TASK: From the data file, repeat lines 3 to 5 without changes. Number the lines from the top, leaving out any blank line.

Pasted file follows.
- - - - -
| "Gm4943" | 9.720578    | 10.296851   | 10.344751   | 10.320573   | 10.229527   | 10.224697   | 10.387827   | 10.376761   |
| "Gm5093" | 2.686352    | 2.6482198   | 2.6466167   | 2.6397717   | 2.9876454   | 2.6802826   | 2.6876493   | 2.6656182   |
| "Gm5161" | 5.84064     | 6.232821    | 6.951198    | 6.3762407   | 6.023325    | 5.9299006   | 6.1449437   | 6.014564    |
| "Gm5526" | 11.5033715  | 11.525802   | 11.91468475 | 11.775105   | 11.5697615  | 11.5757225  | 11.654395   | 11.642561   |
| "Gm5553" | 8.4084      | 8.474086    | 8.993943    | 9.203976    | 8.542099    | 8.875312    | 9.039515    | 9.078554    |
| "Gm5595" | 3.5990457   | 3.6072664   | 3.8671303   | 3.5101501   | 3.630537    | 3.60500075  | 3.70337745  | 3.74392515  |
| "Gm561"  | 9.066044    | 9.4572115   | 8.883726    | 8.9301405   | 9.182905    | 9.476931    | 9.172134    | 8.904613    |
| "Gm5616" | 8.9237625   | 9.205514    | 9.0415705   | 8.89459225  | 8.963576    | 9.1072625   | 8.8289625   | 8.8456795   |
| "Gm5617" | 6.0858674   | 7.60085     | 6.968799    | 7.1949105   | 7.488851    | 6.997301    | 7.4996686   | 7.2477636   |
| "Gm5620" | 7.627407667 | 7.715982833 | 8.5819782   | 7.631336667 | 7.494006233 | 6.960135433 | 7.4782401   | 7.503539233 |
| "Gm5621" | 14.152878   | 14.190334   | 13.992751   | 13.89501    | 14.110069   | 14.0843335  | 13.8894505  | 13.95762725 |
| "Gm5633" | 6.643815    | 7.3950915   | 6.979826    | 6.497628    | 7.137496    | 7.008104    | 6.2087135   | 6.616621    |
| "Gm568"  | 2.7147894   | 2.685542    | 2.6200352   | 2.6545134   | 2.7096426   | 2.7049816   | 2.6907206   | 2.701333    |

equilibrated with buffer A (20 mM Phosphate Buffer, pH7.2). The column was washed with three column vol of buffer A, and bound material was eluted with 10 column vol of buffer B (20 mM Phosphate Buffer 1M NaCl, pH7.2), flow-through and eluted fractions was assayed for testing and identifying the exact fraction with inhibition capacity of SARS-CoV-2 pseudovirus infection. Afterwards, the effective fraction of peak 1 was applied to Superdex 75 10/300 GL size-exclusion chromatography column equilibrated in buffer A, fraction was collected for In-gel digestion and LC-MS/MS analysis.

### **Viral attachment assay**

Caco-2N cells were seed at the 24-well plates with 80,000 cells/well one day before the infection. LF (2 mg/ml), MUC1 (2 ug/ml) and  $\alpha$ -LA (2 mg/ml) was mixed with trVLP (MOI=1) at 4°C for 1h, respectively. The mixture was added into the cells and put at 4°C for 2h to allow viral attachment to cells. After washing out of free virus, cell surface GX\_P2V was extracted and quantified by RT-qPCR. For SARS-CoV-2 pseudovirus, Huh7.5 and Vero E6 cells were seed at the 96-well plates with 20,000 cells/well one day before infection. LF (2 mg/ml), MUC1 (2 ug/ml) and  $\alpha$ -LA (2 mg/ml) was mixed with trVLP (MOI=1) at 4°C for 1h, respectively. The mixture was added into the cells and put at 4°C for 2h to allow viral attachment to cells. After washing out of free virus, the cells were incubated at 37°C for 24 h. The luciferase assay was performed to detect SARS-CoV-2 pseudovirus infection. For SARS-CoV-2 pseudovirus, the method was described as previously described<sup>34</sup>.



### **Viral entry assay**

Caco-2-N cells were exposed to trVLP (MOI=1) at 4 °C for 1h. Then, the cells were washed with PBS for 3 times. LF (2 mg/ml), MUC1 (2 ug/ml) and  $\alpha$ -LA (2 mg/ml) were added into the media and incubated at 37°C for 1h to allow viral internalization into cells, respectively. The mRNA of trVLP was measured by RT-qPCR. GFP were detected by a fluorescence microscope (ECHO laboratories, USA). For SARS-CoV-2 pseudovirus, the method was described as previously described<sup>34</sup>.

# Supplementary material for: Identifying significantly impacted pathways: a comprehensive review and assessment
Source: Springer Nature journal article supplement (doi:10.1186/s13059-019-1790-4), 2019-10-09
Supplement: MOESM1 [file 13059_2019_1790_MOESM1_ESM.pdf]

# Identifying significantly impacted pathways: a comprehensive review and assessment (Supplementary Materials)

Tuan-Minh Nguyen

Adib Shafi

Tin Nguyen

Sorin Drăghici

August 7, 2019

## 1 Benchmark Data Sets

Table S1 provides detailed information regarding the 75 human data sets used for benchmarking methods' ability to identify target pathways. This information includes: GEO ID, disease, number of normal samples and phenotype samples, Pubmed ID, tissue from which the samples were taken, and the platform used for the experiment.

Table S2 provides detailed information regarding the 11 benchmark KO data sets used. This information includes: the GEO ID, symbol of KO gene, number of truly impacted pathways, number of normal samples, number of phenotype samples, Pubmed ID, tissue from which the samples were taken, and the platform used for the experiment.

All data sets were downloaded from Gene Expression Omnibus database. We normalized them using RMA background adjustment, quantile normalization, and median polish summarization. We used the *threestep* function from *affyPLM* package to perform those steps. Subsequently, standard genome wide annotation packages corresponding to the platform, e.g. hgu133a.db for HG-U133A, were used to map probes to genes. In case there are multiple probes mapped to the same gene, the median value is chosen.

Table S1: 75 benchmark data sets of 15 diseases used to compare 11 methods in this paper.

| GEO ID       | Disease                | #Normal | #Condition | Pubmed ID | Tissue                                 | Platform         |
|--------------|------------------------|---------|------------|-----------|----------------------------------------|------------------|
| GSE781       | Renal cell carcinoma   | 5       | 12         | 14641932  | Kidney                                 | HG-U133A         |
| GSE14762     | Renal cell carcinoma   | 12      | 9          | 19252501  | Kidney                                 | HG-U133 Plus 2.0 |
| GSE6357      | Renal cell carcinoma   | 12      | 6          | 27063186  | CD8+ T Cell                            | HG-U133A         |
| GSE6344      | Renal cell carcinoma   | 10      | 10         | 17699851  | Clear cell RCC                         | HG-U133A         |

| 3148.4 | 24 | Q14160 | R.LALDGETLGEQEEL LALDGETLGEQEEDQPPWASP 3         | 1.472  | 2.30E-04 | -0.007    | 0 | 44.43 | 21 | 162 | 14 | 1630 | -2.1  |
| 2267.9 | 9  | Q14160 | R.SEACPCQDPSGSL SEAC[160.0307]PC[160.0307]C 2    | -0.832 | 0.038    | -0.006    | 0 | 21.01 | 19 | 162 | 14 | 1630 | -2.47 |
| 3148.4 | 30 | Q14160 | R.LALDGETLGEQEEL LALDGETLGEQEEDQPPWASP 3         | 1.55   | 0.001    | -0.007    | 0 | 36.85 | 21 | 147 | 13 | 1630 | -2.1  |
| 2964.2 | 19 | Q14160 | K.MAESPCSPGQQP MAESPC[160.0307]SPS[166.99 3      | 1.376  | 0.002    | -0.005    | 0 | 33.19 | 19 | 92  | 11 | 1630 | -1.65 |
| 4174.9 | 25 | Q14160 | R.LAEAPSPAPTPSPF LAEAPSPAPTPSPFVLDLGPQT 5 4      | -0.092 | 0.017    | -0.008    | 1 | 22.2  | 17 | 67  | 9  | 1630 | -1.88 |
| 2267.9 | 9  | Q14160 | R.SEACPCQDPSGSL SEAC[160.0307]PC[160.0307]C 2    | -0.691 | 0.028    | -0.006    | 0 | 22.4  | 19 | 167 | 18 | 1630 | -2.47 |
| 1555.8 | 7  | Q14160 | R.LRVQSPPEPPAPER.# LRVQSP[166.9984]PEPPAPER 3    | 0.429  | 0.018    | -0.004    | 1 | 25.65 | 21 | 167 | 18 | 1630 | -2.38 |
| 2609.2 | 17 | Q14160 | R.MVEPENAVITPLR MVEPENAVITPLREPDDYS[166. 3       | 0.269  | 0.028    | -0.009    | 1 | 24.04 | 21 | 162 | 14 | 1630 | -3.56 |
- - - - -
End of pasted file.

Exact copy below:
| "Gm5161" | 5.84064     | 6.232821    | 6.951198    | 6.3762407   | 6.023325    | 5.9299006   | 6.1449437   | 6.014564    |
| "Gm5526" | 11.5033715  | 11.525802   | 11.91468475 | 11.775105   | 11.5697615  | 11.5757225  | 11.654395   | 11.642561   |
| "Gm5553" | 8.4084      | 8.474086    | 8.993943    | 9.203976    | 8.542099    | 8.875312    | 9.039515    | 9.078554    |